It is not even clear that true traumatic amnesia has ever happened. Firmly corroborated cases number few or none, depending on whom you ask. "Virtually none," says Barden. A Web site says it has collected 96 corroborated cases, but much of the proffered corroboration is more suggestive than definitive, and 96 is not a large number.
Still, the human brain is complicated, and scientists almost never say never. Two other psychologists I spoke to—Michael Anderson of the University of Oregon and Chris Brewin of University College, London (and author of Post-Traumatic Stress Disorder: Malady or Myth?)—believe that traumatic amnesia may well have happened, at least to some people. Anderson believes he has found clues to a mental mechanism that may help people blunt or forget traumatic memories.
Even so, the Shanley case pushes the envelope. It asks us to believe that the victim completely forgot repeated and frequent rapes, and that 15 and more years later, the memories sprang back in gaudy and accurate detail. The word "accurate" is crucial. None of the scientists I talked to believes that recovered traumatic memories, if they exist, are more accurate than ordinary memories; and ordinary memories, especially of childhood events, are notoriously unreliable and malleable. Psychologists have had no difficulty implanting in experimental subjects vivid but entirely spurious childhood "memories" of being attacked by animals, riding in hot-air balloons, meeting Bugs Bunny (a Warner Bros. character) at Disneyland, and much more.
The jury in the Shanley case not only needed to believe that traumatic amnesia happens, it had to accept uncorroborated recovered memories at face value. It apparently did so because, in court, the accuser seemed sincere. Agonized, in fact. But psychologists know well that strong belief and vivid memory are no assurance of accuracy. A memory can be entirely false, yet emotionally and mentally indistinguishable from the real thing. One striking demonstration is McNally's research on people who believe they were abducted by space aliens. Their memories are "unbelievably vivid," and their emotional and physiological reactions in recounting them are "at least as great as reactions to real traumatic incidents," McNally says.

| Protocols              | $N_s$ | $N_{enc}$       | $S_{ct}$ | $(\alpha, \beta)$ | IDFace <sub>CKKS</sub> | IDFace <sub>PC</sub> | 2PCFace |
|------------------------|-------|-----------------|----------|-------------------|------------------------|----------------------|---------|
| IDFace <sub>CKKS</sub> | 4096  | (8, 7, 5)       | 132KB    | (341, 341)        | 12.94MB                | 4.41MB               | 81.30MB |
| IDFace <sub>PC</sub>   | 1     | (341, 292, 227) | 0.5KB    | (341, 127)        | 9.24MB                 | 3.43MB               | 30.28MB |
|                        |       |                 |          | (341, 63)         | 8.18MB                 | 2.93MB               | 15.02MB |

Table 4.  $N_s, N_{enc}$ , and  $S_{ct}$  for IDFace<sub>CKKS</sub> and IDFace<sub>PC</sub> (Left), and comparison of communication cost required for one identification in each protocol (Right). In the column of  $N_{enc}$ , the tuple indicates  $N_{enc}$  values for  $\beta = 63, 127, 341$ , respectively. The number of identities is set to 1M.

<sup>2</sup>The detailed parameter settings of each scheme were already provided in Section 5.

Intense emotion sways jurors, who believe someone must be lying. The jury sees the accused sitting coolly at the defense table while a wracked accuser tearfully recites tales of horror. But "lying isn't the issue," McNally says. The accuser may believe every word he says and still be entirely wrong. Courts now know this.
Under the circumstances, it is hard to blame the jury for deciding as it did. That is why the Shanley case should never have reached a jury without some corroborating evidence of a crime. "In British courts," says Brewin, "these kinds of allegations would not really get anywhere, unless there was independent evidence to support them."
For the most part, that is true in the United States, too. "Shanley is a bizarre aberration," Barden says. The case is a throwback, out of touch with today's best law and science. Shanley may be a monster. But the standard for a criminal conviction is proof beyond reasonable doubt. In this case, the state never met it.
© Copyright 2005 National Journal
Jonathan Rauch is a senior writer and columnist for National Journal and a frequent contributor to Reason. This article was originally published by National Journal.